Monday, May 31, 2010
The show has become more of a soap opera, with certain story developments feeling more than a little contrived, but the general quality of the series is pretty much the same. Paul continues to be exposed as an idiot, and Sophie's storyline takes a dramatic (if lazy) turn.
Tuesday, May 18, 2010
Okay, so there's the beef. And there are some growth hormones. Along with the creepy religious cult. Oh, and the dazed teenagers with "He/She Is One" written on their backs. And the peeping tom living in the mirror, too! Forgot that one. As you may have guessed, this episode is a whole lot of ideas thrown in the pot with little resolution and, unfortunately, little point. It doesn't help that the conspiracy hoodoo feels tacked on right at the end there.
A bad attempt to recreate the success of two first season classics, in this case Ice and Darkness Falls, Firewalker is made all the more disappointing with the fact that it's the first real episode with Mulder and Scully back together and working as a team. After waiting so long for The X-Files to be reopened, it's ridiculously annoying that their big comeback episode is so appalling.
Sunday, May 16, 2010
So Scully's back. Was Gillian forced to come back as soon as possible, or did maternity leave just not exist for TV actresses back in 1994? Either way, she deserves a lot of kudos for coming back on the show probably days after she gave birth. One Breath, at its heart, is about morals, and Mulder has to make a choice between potentially saying goodbye to his close friend, or revenging her abduction. In the end, Mulder chooses Scully, a decision which possibly saves her life, and definitely stops him from flying off the deep end.
The Sophie and Jake & Amy episodes are quickly becoming my favorites on the show, and I think that it may have something to do with Laura. The other three sessions are so incestuous now with their constant discussions of Paul, Laura and now Alex that it's becoming almost suppressive. So when we get that welcome breather with two self-contained sessions, the show for me improves a little.
It's a transparent metaphor, but undoubtedly a powerful one. Like Rose and Raven Rosenberg, Sean and Christian can be split apart, but they'll never be as strong as individuals. The two together is where the talent happens.
Some of the best Nip/Tuck episodes feature a McNamara/Troy patient whose crisis parallels everybody else's personal crises. This episode is one of the more obvious examples of this, with a central storyline that is mirrored in the actions every member of the main cast commits.
Famke Janssen just won't quit it. She's already stolen the show, but now she's running with it too. The writers have created such a venomous woman, but one you can't help but love. There's nothing more appealing on these kinds of shows than a female character that can run circles around every other character, wrapping them all around her little finger, while barely breaking a sweat.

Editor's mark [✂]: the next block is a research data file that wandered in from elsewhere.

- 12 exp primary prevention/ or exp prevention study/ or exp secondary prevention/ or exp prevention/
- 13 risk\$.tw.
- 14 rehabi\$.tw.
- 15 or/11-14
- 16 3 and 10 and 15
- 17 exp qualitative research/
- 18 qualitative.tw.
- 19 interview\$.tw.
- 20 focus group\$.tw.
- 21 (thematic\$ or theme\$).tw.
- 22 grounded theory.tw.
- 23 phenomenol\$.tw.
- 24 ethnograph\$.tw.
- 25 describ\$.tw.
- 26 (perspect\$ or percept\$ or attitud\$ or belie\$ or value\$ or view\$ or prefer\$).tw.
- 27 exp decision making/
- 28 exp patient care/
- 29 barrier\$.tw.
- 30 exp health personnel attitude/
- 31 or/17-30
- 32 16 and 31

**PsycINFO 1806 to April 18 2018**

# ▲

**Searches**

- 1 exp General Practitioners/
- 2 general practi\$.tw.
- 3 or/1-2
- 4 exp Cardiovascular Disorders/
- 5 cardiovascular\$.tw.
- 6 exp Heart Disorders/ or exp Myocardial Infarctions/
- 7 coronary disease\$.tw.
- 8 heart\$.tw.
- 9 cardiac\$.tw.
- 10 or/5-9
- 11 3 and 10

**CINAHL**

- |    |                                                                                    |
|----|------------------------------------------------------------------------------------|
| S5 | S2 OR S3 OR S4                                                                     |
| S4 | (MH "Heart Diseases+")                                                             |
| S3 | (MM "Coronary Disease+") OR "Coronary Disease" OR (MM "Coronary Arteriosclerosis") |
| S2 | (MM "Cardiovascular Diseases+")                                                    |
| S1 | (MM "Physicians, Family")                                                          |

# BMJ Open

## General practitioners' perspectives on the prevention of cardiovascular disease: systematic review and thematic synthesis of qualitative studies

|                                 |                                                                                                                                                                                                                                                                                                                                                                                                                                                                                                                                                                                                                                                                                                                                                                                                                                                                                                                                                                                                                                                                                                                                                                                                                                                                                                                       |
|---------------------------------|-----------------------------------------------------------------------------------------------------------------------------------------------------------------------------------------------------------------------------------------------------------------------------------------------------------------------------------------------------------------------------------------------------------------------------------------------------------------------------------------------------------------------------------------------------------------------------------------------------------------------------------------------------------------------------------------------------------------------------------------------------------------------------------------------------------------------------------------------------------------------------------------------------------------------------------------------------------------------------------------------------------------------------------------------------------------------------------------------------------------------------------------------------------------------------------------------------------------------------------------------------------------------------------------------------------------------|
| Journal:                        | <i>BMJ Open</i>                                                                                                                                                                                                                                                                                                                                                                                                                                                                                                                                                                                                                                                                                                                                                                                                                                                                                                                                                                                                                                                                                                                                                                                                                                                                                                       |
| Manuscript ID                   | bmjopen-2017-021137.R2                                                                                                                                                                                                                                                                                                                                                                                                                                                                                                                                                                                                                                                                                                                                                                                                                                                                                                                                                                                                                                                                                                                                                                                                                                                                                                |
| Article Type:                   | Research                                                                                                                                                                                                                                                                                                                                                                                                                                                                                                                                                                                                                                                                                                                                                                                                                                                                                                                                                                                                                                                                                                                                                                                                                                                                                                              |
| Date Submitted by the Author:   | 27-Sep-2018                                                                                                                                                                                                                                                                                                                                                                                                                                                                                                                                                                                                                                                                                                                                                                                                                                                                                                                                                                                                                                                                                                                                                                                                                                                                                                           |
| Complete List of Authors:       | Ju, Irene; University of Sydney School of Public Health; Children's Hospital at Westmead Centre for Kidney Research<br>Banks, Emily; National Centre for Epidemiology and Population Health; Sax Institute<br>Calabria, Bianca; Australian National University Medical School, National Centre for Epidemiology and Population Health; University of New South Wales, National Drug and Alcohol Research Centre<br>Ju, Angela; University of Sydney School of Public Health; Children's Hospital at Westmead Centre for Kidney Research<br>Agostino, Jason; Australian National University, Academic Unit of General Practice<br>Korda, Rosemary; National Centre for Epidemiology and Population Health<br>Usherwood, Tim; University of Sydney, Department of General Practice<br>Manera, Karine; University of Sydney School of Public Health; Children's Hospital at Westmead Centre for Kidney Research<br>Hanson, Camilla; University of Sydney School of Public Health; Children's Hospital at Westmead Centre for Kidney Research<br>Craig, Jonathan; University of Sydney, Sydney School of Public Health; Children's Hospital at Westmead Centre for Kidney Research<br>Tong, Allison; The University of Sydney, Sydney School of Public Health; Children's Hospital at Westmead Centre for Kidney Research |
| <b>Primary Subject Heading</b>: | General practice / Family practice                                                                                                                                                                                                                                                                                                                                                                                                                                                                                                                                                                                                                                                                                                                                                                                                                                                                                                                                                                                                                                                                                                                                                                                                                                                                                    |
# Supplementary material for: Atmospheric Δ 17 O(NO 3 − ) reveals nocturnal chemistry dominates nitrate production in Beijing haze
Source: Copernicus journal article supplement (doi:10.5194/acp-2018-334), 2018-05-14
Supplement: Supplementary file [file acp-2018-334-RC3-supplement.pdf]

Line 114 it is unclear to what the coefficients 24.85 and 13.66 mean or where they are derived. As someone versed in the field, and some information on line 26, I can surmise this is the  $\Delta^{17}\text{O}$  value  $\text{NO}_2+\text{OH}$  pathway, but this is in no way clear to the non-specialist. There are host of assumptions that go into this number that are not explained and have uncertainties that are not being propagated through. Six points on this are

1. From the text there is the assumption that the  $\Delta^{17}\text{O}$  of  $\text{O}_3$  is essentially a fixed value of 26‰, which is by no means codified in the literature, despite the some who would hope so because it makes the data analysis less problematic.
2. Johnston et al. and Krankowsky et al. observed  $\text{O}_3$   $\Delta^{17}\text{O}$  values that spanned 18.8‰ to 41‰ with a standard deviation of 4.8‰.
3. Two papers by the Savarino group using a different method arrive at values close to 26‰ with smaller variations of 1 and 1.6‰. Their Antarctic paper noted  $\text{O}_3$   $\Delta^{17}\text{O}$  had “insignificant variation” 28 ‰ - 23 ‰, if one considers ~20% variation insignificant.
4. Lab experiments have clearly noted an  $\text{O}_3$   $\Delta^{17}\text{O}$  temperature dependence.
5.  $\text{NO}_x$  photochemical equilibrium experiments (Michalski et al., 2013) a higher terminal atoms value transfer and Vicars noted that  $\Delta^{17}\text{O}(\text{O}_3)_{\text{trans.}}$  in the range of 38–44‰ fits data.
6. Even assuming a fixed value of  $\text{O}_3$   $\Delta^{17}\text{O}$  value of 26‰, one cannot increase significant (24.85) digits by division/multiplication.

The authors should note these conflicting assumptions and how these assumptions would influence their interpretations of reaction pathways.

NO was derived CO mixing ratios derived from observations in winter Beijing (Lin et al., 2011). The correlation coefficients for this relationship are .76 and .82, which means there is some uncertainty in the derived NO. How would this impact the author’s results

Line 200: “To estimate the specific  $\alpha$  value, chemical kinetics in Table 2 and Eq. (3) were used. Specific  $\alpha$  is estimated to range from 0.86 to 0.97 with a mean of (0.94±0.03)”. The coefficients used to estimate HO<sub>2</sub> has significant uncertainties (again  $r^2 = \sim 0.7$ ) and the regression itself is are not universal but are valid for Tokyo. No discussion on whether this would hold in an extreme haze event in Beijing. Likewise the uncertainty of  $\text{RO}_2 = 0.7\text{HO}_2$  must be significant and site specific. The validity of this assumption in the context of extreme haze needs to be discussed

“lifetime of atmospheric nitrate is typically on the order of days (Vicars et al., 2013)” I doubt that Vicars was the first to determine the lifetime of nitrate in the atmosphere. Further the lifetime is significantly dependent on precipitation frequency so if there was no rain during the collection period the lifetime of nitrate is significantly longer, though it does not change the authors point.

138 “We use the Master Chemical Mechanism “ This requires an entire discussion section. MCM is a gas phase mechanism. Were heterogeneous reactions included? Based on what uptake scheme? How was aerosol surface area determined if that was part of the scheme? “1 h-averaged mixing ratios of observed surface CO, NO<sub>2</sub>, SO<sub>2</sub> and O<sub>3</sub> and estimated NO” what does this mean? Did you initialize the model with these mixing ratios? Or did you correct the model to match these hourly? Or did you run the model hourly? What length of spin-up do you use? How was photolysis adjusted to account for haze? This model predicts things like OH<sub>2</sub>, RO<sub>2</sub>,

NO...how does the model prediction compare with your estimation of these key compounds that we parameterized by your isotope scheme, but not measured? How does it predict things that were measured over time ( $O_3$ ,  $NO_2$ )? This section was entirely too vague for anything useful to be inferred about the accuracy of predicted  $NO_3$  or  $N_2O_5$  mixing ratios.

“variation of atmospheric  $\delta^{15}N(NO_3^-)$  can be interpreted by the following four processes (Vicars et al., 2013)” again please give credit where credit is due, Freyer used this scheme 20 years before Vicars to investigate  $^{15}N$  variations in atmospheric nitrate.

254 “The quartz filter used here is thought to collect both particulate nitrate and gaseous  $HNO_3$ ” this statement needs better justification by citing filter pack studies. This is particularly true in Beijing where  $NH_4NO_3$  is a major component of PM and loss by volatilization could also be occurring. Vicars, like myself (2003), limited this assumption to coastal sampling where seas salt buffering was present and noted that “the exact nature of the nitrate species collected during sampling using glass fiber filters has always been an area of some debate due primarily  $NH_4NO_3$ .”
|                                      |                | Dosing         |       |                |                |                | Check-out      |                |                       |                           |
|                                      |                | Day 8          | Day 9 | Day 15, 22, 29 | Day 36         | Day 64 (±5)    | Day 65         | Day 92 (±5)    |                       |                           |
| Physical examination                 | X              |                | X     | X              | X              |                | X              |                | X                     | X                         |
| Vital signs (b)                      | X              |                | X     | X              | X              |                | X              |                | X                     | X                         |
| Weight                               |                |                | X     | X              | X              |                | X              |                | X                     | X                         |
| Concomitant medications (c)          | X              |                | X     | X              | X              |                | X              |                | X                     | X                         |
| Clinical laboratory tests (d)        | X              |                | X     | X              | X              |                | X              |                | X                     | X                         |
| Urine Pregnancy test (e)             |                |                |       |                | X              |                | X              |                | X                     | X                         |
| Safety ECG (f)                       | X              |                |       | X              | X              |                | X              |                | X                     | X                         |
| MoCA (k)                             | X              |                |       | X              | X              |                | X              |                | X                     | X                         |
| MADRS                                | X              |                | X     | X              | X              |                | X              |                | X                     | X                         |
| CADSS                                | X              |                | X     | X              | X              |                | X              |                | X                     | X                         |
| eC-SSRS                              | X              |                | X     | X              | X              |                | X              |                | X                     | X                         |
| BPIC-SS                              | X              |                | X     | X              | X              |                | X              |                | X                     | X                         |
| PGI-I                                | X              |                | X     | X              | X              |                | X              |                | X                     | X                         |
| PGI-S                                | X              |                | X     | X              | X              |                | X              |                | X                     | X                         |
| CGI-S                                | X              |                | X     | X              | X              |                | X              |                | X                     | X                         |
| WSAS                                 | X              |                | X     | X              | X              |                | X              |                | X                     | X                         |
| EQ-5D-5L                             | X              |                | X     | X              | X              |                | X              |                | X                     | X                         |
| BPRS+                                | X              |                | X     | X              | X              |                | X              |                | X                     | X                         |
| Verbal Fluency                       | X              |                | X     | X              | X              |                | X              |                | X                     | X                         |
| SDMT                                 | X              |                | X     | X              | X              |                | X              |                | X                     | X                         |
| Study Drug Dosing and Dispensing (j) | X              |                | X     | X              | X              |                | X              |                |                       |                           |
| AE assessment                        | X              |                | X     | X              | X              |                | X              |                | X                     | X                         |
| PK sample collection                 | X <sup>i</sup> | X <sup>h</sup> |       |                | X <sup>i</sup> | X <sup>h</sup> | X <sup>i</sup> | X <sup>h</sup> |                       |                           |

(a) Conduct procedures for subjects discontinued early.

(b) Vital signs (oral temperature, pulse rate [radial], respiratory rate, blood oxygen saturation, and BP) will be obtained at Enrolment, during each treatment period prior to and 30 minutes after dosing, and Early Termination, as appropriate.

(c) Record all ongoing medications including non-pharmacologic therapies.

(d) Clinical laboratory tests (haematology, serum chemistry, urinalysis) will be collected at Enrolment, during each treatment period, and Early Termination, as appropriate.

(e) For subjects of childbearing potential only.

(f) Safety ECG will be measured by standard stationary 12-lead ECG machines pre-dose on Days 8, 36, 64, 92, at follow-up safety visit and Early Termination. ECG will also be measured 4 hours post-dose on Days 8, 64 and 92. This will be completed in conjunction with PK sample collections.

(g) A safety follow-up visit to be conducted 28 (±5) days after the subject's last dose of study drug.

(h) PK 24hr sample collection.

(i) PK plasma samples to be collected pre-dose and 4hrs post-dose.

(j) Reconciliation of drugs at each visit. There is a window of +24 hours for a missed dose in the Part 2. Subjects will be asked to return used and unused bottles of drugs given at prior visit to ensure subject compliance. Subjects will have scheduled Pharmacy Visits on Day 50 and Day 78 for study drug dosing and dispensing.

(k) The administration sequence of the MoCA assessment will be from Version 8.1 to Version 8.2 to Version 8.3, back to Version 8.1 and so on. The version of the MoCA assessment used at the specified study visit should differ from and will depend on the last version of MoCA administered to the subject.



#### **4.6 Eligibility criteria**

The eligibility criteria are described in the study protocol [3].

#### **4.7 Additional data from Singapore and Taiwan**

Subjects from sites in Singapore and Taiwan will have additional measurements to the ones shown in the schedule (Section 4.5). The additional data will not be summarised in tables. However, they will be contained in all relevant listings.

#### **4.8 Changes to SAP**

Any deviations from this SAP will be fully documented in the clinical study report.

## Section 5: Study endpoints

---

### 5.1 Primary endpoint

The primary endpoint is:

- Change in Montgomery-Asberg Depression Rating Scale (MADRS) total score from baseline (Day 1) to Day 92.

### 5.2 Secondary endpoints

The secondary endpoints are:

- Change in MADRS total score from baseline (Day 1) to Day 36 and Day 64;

Sunday, May 9, 2010
One of the most successful things about week two was the turnaround in sympathy towards the characters. Kate, somebody we barely know, suddenly became one of the most emotional characters on the show. Elsewhere, both Paul and Laura revealed sides to themselves which were neither expected nor particularly likable. This show keeps surprising me.
Ava Moore didn't make a huge impression in her first appearance, but she completely storms through the show in this episode. The best scenes were undoubtedly the ones between her and Christian. They have chemistry that practically leaks off the screen, and it's amazing to see these two powerful, sexually-confident titans go up against each other. Their banter is hilarious, each line being another back-handed compliment or a brutal insult. Ava casually blackmails him into giving her what she wants, and Famke Janssen clearly loves this role. The scene where Christian harshly sticks the botox into her head and she barely flinches was awesome, and there was something so raw and sexy about it all. These two plain rock together.
Ever since the end of season one, we always knew the beautiful relationship between Christian and Wilber would end in sadness. Joel Gideon sees the end of the road for their father/son dynamic, and it's an undeniably weepy closer.
I'm always been a fan of vampire stories played mostly straight, with blood-drinkers operating in reality. Hollywood is too a great locale for these stories, a town obsessed with youth a natural setting for those kinds of modern-day vampire tales. So, for me, 3 was a pretty good detour. It doesn't have the greatest of reputations, and there are of course problems, but it's a neat bridge between two very important episodes.
Very much an episode of two halves, the first being the relentless pursuit of Scully (complete with gratuitious action scenes), the second being shocking and human drama. Like all the best "conspiracy" episodes, I loved the real sense of helplessness that Mulder experienced here. And that helplessness doesn't come more obvious than with Scully's abduction. Just having her vanish, without any proof of her being taken, is probably worse than just having her be murdered. That feeling of complete isolation, and no understanding or indication of where she's gone? It's devastating.